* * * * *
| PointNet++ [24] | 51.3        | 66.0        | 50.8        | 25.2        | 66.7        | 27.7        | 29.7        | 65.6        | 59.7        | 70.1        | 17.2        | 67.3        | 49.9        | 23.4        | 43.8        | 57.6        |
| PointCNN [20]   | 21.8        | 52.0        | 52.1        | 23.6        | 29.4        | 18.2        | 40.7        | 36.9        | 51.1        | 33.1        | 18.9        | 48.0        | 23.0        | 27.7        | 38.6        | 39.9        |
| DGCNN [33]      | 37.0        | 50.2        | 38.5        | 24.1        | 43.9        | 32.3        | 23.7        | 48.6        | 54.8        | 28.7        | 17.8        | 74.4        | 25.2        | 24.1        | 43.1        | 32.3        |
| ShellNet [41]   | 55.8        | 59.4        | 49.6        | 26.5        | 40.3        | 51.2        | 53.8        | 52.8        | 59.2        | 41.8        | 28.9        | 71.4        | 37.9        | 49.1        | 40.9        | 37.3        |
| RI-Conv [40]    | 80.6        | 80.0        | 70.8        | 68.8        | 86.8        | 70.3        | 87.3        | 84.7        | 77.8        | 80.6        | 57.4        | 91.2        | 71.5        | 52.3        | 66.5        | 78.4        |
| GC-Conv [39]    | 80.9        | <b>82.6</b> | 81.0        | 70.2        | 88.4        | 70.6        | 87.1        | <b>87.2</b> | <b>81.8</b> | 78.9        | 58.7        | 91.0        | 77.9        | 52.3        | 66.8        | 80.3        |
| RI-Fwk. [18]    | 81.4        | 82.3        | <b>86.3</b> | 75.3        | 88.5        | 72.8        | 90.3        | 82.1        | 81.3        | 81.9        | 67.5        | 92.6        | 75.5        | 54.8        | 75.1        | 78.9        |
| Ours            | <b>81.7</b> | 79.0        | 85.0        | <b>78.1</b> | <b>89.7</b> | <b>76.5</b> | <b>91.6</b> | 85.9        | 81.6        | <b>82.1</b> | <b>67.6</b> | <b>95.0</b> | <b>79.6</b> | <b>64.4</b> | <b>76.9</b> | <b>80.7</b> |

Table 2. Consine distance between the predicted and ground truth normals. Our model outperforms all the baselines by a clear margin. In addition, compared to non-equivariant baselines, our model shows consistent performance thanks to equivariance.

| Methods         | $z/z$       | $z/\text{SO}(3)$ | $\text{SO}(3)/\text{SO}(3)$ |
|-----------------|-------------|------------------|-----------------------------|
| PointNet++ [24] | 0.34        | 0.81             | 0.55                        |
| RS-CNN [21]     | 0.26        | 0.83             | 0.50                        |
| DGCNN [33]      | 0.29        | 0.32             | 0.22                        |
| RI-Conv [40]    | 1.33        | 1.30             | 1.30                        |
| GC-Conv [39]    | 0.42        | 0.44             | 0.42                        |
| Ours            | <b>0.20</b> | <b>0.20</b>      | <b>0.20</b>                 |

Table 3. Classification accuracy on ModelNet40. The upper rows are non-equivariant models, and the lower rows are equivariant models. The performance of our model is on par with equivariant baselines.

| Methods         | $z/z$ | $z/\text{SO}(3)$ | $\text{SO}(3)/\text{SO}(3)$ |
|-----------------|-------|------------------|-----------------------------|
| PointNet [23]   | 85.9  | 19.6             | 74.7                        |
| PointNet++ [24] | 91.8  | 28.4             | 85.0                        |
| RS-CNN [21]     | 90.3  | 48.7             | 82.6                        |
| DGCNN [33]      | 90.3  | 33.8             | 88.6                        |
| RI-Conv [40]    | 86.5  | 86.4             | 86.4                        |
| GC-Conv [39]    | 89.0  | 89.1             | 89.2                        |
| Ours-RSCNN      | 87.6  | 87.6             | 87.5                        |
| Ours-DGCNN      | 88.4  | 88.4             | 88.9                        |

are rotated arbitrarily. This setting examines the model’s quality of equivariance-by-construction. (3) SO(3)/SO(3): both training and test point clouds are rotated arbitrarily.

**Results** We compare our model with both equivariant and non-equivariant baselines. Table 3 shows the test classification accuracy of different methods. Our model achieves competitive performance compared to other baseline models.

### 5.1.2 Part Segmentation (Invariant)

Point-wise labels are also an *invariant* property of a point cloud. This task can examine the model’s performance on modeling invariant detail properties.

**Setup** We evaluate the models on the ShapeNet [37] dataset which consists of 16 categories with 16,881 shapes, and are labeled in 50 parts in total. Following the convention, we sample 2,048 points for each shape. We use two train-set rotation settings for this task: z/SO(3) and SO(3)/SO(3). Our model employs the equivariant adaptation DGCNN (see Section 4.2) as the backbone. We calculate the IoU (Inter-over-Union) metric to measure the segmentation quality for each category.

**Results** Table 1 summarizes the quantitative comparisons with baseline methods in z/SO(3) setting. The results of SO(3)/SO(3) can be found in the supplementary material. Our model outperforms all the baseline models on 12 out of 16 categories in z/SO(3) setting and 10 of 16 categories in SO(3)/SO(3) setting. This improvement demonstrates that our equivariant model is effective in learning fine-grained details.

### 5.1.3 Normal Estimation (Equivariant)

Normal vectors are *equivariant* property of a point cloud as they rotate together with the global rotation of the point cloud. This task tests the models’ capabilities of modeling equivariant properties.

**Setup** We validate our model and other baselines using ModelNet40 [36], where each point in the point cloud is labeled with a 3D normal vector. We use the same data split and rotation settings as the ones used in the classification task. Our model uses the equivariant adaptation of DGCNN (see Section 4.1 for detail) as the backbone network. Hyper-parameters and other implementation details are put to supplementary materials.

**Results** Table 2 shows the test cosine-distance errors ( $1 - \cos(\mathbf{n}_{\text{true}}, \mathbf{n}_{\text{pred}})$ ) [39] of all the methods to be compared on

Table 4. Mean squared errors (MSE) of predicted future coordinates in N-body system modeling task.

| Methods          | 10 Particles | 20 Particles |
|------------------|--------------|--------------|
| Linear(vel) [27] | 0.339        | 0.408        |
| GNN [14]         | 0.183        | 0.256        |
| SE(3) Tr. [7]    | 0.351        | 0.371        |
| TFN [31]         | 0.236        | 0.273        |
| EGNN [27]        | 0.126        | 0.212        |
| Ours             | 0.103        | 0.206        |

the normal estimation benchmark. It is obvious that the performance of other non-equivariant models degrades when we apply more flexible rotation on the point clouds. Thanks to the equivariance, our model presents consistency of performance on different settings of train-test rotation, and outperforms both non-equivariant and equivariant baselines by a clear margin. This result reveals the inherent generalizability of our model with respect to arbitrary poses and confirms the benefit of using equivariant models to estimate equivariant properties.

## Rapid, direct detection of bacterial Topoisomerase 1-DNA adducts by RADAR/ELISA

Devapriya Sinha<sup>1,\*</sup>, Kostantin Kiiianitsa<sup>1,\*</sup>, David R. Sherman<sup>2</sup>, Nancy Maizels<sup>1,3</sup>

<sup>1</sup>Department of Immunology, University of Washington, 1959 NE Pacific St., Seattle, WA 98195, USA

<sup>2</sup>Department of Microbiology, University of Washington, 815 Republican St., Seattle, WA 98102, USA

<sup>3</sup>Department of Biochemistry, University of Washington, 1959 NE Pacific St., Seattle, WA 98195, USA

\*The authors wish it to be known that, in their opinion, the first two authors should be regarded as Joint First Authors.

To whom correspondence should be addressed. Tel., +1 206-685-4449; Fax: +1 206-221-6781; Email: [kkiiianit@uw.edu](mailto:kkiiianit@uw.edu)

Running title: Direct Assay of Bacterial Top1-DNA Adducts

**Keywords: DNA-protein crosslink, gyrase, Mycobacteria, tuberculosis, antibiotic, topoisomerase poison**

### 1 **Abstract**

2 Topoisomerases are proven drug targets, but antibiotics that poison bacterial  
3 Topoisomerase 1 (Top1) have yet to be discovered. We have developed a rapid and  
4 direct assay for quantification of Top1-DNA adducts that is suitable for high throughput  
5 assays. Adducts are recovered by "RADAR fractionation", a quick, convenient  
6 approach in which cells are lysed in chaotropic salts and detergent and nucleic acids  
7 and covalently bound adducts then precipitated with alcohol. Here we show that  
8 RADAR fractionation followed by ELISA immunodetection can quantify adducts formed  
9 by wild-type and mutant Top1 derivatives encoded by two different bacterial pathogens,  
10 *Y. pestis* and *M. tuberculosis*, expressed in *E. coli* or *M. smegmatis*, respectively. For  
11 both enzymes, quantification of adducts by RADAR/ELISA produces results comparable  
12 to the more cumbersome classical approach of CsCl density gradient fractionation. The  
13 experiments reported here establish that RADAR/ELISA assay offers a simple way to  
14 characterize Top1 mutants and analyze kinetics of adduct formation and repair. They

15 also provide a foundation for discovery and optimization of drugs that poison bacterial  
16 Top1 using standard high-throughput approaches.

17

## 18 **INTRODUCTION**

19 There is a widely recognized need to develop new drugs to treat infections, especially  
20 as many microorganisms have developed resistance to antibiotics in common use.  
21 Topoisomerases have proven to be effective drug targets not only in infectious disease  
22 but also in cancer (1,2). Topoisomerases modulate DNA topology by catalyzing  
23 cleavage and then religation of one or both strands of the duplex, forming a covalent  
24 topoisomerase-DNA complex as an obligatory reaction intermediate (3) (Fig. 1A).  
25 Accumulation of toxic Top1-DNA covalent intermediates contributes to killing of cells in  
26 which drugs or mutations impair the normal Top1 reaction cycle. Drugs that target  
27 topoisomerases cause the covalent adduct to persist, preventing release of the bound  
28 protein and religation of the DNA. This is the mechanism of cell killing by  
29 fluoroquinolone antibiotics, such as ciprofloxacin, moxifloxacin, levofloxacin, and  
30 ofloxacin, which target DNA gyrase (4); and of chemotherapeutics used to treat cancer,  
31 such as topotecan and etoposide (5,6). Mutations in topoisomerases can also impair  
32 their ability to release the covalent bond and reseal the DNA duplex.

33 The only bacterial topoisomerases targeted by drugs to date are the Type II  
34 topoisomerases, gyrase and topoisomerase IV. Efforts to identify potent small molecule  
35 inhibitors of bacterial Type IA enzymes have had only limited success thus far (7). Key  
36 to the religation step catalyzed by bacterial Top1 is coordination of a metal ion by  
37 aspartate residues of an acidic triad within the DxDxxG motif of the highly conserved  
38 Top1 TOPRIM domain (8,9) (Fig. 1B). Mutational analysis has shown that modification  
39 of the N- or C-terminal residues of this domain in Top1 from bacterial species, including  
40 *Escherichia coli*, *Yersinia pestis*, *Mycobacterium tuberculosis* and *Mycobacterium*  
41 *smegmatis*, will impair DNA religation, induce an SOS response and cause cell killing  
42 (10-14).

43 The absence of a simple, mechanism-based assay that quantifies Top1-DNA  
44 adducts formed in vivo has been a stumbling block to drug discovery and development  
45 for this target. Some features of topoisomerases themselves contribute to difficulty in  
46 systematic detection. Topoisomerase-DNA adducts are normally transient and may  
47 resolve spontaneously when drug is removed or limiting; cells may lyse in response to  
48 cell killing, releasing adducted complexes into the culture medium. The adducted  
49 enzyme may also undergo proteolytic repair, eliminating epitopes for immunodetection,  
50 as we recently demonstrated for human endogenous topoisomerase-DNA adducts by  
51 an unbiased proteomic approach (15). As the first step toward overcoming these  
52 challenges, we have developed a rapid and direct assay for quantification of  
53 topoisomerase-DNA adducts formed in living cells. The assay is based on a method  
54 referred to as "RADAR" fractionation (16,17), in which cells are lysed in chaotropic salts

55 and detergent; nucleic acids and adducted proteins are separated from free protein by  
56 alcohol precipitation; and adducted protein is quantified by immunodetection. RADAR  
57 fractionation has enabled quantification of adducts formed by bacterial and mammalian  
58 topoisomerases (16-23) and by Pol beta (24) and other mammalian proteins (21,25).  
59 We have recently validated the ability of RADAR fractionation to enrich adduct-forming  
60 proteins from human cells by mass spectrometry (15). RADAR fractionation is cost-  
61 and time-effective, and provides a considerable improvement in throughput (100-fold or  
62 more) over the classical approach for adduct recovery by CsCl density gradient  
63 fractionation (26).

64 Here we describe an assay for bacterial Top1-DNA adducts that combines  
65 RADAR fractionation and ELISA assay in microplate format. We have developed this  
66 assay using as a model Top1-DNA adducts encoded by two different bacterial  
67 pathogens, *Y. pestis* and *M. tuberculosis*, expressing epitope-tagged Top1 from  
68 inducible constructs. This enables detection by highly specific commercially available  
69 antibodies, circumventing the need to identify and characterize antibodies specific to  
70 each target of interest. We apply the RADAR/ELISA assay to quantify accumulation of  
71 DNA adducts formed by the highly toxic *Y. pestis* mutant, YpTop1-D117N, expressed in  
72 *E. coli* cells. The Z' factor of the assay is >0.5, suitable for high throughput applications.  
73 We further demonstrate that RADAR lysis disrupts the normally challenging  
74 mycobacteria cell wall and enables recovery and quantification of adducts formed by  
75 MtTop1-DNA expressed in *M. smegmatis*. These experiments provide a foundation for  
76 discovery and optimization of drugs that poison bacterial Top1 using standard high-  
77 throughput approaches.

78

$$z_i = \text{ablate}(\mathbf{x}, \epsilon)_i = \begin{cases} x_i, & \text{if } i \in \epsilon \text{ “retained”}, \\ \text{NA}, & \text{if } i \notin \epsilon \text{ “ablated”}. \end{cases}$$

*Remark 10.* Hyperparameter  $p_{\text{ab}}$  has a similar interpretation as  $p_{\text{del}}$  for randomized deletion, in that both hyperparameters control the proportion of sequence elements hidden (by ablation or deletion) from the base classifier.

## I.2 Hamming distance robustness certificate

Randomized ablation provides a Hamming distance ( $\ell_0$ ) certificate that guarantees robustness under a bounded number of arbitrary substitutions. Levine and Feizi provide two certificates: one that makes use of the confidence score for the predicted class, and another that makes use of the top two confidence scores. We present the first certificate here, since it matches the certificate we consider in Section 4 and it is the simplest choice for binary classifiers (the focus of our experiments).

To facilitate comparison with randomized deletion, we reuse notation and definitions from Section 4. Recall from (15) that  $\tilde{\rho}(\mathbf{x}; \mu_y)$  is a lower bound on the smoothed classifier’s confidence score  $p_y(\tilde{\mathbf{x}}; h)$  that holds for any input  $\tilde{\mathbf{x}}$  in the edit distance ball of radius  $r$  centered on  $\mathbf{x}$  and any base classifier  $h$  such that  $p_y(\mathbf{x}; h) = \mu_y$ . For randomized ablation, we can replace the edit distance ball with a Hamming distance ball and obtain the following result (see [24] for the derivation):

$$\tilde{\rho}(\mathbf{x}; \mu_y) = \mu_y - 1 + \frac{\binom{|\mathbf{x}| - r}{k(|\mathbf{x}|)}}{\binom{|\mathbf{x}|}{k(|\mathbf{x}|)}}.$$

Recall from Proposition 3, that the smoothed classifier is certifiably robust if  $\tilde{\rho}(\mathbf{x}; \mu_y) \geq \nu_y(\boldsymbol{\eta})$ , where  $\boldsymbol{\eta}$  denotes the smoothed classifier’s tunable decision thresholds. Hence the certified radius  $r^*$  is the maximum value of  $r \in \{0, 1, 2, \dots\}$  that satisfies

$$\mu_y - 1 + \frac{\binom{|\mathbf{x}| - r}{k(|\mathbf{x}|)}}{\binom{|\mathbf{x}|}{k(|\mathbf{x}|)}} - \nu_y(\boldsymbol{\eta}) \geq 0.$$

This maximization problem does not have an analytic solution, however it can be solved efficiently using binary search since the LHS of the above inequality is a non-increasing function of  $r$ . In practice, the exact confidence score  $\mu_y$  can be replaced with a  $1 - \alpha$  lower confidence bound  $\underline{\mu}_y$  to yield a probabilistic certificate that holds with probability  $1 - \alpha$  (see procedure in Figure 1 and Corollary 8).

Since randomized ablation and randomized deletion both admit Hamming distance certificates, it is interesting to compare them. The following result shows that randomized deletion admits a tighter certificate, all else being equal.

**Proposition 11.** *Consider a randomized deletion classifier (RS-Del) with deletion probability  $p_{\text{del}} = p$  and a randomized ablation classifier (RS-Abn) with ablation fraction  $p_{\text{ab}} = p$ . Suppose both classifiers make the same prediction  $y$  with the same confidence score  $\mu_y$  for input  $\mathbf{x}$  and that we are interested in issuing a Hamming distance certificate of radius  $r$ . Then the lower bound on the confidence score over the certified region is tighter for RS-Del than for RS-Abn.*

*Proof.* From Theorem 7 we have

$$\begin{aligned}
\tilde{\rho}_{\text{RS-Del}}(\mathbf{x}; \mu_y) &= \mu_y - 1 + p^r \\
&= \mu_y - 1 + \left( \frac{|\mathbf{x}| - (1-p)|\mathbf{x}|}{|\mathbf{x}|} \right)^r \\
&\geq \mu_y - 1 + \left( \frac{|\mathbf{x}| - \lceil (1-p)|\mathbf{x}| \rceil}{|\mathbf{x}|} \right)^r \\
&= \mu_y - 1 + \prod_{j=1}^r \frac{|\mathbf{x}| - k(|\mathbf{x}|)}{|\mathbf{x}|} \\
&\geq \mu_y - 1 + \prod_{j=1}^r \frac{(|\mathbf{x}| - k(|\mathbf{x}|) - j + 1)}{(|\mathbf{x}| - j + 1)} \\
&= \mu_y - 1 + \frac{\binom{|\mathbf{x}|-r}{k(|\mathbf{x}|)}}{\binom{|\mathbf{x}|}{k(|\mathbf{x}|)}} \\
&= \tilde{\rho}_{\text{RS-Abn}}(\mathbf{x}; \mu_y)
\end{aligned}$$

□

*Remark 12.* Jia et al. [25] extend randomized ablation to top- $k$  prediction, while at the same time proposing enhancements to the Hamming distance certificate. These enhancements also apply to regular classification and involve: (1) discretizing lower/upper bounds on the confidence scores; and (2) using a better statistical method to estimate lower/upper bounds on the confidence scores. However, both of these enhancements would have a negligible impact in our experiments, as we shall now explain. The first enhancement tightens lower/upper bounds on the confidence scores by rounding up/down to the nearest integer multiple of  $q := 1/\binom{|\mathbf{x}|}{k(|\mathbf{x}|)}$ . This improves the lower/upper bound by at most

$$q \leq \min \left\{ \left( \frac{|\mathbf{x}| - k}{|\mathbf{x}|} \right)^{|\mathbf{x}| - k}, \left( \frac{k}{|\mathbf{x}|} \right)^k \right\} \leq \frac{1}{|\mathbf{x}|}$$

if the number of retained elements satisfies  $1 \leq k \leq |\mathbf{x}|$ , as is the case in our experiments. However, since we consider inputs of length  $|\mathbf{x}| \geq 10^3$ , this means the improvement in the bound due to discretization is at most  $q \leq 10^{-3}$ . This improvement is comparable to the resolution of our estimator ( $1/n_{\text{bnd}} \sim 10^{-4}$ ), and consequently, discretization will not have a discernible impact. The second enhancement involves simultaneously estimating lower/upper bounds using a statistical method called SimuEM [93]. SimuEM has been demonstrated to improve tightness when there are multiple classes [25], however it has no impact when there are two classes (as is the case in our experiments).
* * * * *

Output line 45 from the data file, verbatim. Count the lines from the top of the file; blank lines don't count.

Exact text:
| TFN [31]         | 0.236        | 0.273        |